I added the Nikkor 28mm f/2.8 Ai-s wide angle lens a couple months ago, and both it and the 50mm are superb quality, tack sharp, and available for under $200. A 35mm would be nice, but that would cost about twice as much. That's where my Fujifilm x100s comes it. It's a 35mm equivalent.

What's the downside?

There are only two that I've found, three if you you're a real hard ass.

  • The auto-exposure lock has no indicator. You just have to push the AE lock lever and trust the camera. It will work perfectly.
  • Lens selection. Because of the way the lens mounts with respect to the mirror, you're pretty much stuck with Nikon lenses. Adapters don't generally work and, from what I understand, using an exotic lens can require a custom adaptation.
  • Shutter speed dial stops at 1/1000, but as I said above you should be able to get an extra stop or two by trusting the meter in aperture priority mode. 

The only reason I'd buy another film SLR is for an auto-focus model but, again, that's where the x100s fits in. Manual focus keeps me connected to the subject, which as I stated in the beginning is the whole point to shooting film in the first place.

Nikon fe head on view

Hwaeomsa in Autumn

Befitting good Buddhist values, Korean temples are modest. Regardless of location, they are universally constructed in a boxy fashion and lacquered in precise tones of adobe and turquoise paint. 

Hwaeomsa fits the mould, but its location on the hillsides of Jirisan, Korea's tallest mainland peak, lend drama that's normally lacking in the larger temples. In the Fall air, with Summer's humidity forgotten, it's a corner of genuine tranquility. To date, it's my favorite example of Korean Buddhist culture. 

Originally constructed in 544, most of the buildings were rebuilt after succumbing to fire during the 1593 Japanese invasion. 

Abandoned in Yeosu

Korea is like a giant abandoned place.

The culture values the new and the modern above everything. New office buildings go up beside crumbling homes with traditional tiled roofs long left deserted. Entire "downtowns" are constructed beside older city centres scarcely decades old. You would expect the changes to create some visual drama and a sense of energy, but they don't. The blocks blur together in a kind of featureless disposability.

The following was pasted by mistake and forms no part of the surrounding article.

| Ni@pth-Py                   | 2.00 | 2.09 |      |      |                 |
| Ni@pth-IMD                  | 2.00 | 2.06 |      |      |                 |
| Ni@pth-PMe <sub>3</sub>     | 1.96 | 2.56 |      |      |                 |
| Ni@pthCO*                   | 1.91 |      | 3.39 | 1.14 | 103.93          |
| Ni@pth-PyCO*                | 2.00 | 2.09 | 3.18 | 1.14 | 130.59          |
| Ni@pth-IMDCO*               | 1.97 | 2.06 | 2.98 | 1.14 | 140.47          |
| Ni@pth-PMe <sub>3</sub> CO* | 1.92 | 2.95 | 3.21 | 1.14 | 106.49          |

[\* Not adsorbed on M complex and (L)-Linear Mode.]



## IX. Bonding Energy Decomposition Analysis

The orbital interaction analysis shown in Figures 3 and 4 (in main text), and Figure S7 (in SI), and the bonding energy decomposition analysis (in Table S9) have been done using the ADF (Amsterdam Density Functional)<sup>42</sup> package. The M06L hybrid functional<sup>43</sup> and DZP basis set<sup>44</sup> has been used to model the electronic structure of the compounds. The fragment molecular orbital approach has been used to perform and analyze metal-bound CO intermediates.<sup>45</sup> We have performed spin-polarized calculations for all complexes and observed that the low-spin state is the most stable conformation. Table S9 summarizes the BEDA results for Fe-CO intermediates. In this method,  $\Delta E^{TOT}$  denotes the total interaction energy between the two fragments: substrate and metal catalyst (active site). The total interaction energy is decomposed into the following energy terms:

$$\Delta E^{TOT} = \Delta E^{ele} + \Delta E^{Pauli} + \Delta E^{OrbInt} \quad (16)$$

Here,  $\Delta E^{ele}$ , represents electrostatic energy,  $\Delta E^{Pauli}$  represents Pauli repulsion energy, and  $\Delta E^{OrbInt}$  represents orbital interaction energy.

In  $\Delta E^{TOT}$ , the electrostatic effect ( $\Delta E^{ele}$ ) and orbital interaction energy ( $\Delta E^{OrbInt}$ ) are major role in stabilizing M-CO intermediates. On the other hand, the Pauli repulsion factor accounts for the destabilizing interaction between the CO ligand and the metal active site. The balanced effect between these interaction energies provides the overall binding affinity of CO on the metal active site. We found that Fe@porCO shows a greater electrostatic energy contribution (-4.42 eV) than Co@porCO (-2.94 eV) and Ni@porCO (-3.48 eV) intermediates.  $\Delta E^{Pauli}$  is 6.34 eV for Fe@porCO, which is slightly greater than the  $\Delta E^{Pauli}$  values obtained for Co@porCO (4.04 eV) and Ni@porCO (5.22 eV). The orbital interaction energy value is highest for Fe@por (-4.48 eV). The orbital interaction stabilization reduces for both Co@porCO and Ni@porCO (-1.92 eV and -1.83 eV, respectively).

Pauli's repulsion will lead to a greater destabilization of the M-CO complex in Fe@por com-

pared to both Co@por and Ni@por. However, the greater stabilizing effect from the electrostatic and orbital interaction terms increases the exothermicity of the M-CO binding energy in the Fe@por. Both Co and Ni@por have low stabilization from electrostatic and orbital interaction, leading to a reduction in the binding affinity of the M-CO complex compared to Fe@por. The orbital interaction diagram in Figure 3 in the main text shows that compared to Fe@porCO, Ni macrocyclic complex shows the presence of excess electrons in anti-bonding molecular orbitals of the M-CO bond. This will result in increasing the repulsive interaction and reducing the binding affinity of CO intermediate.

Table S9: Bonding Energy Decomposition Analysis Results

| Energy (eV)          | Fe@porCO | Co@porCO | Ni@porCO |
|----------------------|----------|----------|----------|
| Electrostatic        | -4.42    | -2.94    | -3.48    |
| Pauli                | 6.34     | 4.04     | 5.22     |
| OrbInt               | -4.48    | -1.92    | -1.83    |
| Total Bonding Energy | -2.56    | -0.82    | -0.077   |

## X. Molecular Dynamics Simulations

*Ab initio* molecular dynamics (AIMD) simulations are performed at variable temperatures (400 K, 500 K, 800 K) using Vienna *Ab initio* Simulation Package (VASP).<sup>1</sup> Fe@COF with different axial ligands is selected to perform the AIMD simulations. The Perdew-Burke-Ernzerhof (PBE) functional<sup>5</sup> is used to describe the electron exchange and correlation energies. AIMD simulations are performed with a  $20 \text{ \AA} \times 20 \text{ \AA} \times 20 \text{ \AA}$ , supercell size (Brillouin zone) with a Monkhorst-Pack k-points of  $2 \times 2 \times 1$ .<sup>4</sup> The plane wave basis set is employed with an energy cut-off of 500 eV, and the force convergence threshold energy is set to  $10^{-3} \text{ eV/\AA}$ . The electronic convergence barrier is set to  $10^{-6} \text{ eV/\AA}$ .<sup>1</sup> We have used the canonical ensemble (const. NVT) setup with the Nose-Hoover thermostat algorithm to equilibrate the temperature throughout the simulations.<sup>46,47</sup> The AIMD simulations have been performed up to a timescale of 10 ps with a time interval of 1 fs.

Yeosu offers a change. I take the 20 minute train ride from Suncheon to see the ocean and feel like I'm back on the waterfront of Vancouver or Victoria. The illusion holds as long as I don't look back. The view away from the water puts me more in mind of a Stephen King novel or an episode of The Walking Dead.

Three years ago, Yeosu hosted Expo 2012 and the waterfront is still dominated by its pavilions and pedestrian thoroughfares. It's empty in February, but unlike most areas in Korea the emptiness takes on a sense of scale and story. 

The Expo grounds follow a broad arc from the train station to the roadway that connects Odongdo Island to the shore. A scaled replica of Dubai's Burj al-Arab marks the start of the road, while in the middle of the bay the Big Othe non-orgasmic centre piece of the world fairstands upright like a vast upended hula hoop. The major pavilions are scattered amidst these points, along with a single carousel that turns circles without customers. Rust has already crept into the buildings and hand rails. There is no one around, and the inevitable loneliness of the place is covered over with a garish stream of Kpop music from the public address system. 

It's a photographers dream.  

MVL Hotel and the bay from Odongdo Island.

Sky Tower. 

Empty seating on the boardwalk.

Theme Pavilion

Pedestrians exiting the Theme Pavilion.

Theme Pavilion.

Walkway to the Digital Gallery.

Fashionable pedestrians.

The Big O with the Theme Pavilion in the background.

Carousel near the aquarium.

Expo mascot. Odongdo Island.